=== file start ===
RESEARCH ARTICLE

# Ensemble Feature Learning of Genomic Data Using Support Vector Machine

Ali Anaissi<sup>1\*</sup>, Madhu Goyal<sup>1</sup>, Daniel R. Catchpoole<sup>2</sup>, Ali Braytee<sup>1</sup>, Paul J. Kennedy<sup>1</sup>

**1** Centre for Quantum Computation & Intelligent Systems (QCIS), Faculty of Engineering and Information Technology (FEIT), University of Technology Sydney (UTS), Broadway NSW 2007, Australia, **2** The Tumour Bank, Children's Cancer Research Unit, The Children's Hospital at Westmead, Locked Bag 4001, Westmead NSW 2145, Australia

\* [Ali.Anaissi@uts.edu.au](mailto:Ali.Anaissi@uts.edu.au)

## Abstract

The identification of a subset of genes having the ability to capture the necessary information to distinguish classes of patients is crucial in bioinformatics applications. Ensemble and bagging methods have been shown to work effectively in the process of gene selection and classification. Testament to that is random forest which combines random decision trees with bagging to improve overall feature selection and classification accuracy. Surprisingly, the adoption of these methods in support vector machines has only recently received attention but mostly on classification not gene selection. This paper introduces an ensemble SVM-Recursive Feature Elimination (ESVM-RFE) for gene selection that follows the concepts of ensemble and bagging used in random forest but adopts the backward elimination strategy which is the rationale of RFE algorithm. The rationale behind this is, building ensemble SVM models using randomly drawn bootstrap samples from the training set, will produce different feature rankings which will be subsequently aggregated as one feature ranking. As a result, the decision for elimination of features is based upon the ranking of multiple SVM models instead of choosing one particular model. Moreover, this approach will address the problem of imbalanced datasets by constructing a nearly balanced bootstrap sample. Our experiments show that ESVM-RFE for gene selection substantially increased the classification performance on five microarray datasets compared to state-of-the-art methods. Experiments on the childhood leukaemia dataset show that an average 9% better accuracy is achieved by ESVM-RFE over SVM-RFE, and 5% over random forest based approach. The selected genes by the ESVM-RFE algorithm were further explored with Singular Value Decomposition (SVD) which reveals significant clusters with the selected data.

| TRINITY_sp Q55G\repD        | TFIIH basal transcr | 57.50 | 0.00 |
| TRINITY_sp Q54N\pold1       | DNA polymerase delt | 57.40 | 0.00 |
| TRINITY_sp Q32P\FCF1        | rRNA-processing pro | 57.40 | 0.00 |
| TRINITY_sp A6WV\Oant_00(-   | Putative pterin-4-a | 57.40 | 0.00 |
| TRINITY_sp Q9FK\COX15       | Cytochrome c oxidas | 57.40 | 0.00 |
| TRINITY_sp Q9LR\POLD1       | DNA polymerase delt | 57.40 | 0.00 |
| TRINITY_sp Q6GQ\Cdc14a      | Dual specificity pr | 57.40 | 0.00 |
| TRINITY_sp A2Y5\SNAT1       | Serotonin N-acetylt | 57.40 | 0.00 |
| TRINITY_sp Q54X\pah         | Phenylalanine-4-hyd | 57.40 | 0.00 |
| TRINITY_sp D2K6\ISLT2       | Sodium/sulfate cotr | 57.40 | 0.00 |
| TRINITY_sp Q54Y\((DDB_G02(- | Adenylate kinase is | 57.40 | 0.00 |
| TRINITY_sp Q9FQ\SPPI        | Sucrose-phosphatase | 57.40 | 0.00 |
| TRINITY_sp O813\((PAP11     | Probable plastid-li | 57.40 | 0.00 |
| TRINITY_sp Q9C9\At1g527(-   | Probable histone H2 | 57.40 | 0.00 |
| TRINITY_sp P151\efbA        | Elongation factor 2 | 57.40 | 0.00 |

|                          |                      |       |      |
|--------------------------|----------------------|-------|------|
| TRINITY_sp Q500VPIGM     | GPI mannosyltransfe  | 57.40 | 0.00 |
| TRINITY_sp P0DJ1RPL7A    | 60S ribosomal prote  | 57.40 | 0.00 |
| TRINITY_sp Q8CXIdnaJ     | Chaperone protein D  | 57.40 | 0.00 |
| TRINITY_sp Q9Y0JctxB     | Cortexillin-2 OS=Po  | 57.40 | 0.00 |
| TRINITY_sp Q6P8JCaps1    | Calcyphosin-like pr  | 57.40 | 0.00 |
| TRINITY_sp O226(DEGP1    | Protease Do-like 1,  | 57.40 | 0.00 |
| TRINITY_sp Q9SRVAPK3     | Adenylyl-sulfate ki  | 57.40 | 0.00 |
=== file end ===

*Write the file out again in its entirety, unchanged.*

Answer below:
RESEARCH ARTICLE

# Ensemble Feature Learning of Genomic Data Using Support Vector Machine

Ali Anaissi<sup>1\*</sup>, Madhu Goyal<sup>1</sup>, Daniel R. Catchpoole<sup>2</sup>, Ali Braytee<sup>1</sup>, Paul J. Kennedy<sup>1</sup>

**1** Centre for Quantum Computation & Intelligent Systems (QCIS), Faculty of Engineering and Information Technology (FEIT), University of Technology Sydney (UTS), Broadway NSW 2007, Australia, **2** The Tumour Bank, Children's Cancer Research Unit, The Children's Hospital at Westmead, Locked Bag 4001, Westmead NSW 2145, Australia

\* [Ali.Anaissi@uts.edu.au](mailto:Ali.Anaissi@uts.edu.au)

## Abstract

The identification of a subset of genes having the ability to capture the necessary information to distinguish classes of patients is crucial in bioinformatics applications. Ensemble and bagging methods have been shown to work effectively in the process of gene selection and classification. Testament to that is random forest which combines random decision trees with bagging to improve overall feature selection and classification accuracy. Surprisingly, the adoption of these methods in support vector machines has only recently received attention but mostly on classification not gene selection. This paper introduces an ensemble SVM-Recursive Feature Elimination (ESVM-RFE) for gene selection that follows the concepts of ensemble and bagging used in random forest but adopts the backward elimination strategy which is the rationale of RFE algorithm. The rationale behind this is, building ensemble SVM models using randomly drawn bootstrap samples from the training set, will produce different feature rankings which will be subsequently aggregated as one feature ranking. As a result, the decision for elimination of features is based upon the ranking of multiple SVM models instead of choosing one particular model. Moreover, this approach will address the problem of imbalanced datasets by constructing a nearly balanced bootstrap sample. Our experiments show that ESVM-RFE for gene selection substantially increased the classification performance on five microarray datasets compared to state-of-the-art methods. Experiments on the childhood leukaemia dataset show that an average 9% better accuracy is achieved by ESVM-RFE over SVM-RFE, and 5% over random forest based approach. The selected genes by the ESVM-RFE algorithm were further explored with Singular Value Decomposition (SVD) which reveals significant clusters with the selected data.

| TRINITY_sp Q55G\repD        | TFIIH basal transcr | 57.50 | 0.00 |
| TRINITY_sp Q54N\pold1       | DNA polymerase delt | 57.40 | 0.00 |
| TRINITY_sp Q32P\FCF1        | rRNA-processing pro | 57.40 | 0.00 |
| TRINITY_sp A6WV\Oant_00(-   | Putative pterin-4-a | 57.40 | 0.00 |
| TRINITY_sp Q9FK\COX15       | Cytochrome c oxidas | 57.40 | 0.00 |
| TRINITY_sp Q9LR\POLD1       | DNA polymerase delt | 57.40 | 0.00 |
| TRINITY_sp Q6GQ\Cdc14a      | Dual specificity pr | 57.40 | 0.00 |
| TRINITY_sp A2Y5\SNAT1       | Serotonin N-acetylt | 57.40 | 0.00 |
| TRINITY_sp Q54X\pah         | Phenylalanine-4-hyd | 57.40 | 0.00 |
| TRINITY_sp D2K6\ISLT2       | Sodium/sulfate cotr | 57.40 | 0.00 |
| TRINITY_sp Q54Y\((DDB_G02(- | Adenylate kinase is | 57.40 | 0.00 |
| TRINITY_sp Q9FQ\SPPI        | Sucrose-phosphatase | 57.40 | 0.00 |
| TRINITY_sp O813\((PAP11     | Probable plastid-li | 57.40 | 0.00 |
| TRINITY_sp Q9C9\At1g527(-   | Probable histone H2 | 57.40 | 0.00 |
| TRINITY_sp P151\efbA        | Elongation factor 2 | 57.40 | 0.00 |

|                          |                      |       |      |
|--------------------------|----------------------|-------|------|
| TRINITY_sp Q500VPIGM     | GPI mannosyltransfe  | 57.40 | 0.00 |
| TRINITY_sp P0DJ1RPL7A    | 60S ribosomal prote  | 57.40 | 0.00 |
| TRINITY_sp Q8CXIdnaJ     | Chaperone protein D  | 57.40 | 0.00 |
| TRINITY_sp Q9Y0JctxB     | Cortexillin-2 OS=Po  | 57.40 | 0.00 |
| TRINITY_sp Q6P8JCaps1    | Calcyphosin-like pr  | 57.40 | 0.00 |
| TRINITY_sp O226(DEGP1    | Protease Do-like 1,  | 57.40 | 0.00 |
| TRINITY_sp Q9SRVAPK3     | Adenylyl-sulfate ki  | 57.40 | 0.00 |